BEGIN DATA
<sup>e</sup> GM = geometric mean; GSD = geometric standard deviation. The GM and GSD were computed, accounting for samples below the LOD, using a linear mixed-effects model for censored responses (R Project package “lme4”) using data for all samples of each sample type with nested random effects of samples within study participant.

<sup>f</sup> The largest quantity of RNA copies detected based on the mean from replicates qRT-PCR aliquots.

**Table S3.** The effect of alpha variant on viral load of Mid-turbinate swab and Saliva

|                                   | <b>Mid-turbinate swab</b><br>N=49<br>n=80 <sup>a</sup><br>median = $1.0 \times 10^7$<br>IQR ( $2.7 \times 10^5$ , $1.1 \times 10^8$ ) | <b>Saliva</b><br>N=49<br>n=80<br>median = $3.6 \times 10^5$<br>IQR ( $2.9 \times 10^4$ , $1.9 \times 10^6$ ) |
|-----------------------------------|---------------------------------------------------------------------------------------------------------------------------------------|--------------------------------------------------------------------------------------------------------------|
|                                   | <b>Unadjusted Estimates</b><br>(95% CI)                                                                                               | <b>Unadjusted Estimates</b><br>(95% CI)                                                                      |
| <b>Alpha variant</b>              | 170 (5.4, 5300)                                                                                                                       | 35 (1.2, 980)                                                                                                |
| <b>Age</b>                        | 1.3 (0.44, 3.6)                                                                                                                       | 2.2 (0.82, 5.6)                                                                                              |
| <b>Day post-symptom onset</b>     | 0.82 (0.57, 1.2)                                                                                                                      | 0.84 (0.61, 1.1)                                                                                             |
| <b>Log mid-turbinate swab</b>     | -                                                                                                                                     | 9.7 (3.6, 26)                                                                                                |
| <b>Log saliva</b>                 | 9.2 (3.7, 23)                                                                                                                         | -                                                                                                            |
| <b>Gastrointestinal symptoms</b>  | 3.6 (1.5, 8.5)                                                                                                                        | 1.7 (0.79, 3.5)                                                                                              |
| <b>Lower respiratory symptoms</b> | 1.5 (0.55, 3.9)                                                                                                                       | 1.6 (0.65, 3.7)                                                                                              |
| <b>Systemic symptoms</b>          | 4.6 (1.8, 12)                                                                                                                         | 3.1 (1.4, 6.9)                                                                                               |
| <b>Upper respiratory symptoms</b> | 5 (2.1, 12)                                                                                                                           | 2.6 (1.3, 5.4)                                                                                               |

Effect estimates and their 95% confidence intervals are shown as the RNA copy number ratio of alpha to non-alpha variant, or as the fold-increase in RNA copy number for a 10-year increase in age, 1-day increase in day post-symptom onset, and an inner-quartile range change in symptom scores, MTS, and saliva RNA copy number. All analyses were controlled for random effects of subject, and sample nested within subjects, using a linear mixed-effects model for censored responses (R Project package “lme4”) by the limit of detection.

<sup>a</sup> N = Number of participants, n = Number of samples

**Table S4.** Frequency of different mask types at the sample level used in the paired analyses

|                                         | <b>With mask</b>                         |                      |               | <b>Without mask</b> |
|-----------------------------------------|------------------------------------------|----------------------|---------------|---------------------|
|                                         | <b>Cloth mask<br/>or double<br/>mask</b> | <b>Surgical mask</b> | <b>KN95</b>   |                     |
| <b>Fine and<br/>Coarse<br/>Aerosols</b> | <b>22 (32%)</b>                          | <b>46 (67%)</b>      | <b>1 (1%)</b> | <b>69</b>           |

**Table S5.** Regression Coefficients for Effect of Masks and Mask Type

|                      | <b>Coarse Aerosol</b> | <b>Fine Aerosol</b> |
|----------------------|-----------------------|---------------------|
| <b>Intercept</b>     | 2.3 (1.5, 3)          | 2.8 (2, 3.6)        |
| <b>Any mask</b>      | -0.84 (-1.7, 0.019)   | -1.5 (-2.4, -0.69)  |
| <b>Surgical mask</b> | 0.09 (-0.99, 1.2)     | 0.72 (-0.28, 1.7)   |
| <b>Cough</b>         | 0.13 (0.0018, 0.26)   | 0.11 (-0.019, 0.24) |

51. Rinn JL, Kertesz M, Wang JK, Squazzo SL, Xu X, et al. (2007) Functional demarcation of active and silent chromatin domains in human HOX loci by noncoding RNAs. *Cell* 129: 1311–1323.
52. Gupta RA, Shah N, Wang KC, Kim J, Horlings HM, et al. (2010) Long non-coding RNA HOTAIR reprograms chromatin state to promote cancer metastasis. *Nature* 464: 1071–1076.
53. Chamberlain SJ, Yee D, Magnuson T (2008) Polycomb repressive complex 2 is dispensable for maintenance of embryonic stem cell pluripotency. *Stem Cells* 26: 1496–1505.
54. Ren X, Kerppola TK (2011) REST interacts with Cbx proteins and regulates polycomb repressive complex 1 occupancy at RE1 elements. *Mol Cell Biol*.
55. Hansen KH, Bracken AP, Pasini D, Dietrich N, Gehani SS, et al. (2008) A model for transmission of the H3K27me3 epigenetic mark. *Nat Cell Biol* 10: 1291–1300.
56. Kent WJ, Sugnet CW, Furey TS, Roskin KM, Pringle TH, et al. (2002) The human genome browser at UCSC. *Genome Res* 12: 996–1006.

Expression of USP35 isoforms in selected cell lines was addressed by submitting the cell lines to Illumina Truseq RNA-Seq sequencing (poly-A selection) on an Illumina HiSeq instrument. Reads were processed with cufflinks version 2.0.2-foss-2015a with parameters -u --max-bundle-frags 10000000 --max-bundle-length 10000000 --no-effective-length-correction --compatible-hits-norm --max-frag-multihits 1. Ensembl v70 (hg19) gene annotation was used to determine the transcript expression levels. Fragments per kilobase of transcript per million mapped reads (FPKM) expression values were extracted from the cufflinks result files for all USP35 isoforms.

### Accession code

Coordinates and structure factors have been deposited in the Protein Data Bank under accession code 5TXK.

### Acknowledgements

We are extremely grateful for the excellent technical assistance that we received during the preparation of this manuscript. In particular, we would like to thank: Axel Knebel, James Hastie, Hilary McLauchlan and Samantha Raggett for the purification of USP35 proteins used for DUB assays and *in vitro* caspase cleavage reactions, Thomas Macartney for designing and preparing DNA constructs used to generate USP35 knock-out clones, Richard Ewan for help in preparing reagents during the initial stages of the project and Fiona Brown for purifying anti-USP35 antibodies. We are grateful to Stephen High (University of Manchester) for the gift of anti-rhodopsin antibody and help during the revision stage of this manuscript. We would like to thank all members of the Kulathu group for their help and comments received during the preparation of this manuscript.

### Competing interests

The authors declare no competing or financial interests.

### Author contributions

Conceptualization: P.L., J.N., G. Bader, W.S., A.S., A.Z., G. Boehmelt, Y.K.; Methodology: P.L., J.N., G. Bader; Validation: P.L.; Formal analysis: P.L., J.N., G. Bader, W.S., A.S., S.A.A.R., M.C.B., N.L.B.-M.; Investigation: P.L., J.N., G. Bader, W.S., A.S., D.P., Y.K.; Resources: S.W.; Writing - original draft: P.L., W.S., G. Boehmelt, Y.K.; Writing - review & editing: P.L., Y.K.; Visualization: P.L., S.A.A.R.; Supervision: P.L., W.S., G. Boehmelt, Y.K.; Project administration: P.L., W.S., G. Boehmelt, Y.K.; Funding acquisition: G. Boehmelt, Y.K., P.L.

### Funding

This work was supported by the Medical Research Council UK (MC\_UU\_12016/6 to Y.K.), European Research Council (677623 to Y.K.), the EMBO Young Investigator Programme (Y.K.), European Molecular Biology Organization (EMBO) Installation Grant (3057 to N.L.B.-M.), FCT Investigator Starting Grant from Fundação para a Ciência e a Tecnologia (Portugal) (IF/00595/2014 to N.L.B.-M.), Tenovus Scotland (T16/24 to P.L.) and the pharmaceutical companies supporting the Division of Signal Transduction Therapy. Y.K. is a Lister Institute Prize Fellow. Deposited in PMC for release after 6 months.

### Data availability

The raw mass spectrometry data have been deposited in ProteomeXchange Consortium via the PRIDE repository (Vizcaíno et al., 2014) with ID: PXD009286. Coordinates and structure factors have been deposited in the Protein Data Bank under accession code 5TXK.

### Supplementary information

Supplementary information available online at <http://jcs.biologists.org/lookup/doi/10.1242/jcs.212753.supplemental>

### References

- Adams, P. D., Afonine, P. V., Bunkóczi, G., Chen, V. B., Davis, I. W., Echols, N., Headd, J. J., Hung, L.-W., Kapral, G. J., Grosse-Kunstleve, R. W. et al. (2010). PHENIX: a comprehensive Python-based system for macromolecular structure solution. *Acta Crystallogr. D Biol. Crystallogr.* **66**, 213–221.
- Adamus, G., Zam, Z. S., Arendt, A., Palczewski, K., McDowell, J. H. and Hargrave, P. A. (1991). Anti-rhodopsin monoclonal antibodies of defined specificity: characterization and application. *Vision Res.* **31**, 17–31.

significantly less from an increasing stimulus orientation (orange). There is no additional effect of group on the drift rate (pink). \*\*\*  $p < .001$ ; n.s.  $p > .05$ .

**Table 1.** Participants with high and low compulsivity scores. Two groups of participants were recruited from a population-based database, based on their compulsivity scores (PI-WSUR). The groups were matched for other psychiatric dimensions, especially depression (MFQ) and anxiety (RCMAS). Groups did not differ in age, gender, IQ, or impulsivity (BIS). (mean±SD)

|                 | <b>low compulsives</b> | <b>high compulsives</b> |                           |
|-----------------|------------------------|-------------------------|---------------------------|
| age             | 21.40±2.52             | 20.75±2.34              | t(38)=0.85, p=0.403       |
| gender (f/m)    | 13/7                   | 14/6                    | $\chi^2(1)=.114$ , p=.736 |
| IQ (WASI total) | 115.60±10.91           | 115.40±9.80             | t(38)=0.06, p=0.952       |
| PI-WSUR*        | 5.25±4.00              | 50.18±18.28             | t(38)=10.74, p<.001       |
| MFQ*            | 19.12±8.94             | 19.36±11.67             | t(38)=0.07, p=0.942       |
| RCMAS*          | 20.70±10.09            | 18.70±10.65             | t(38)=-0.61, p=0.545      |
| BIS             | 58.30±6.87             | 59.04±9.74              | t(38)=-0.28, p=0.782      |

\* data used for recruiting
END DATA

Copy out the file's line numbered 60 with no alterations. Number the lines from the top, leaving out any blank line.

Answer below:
| IQ (WASI total) | 115.60±10.91           | 115.40±9.80             | t(38)=0.06, p=0.952       |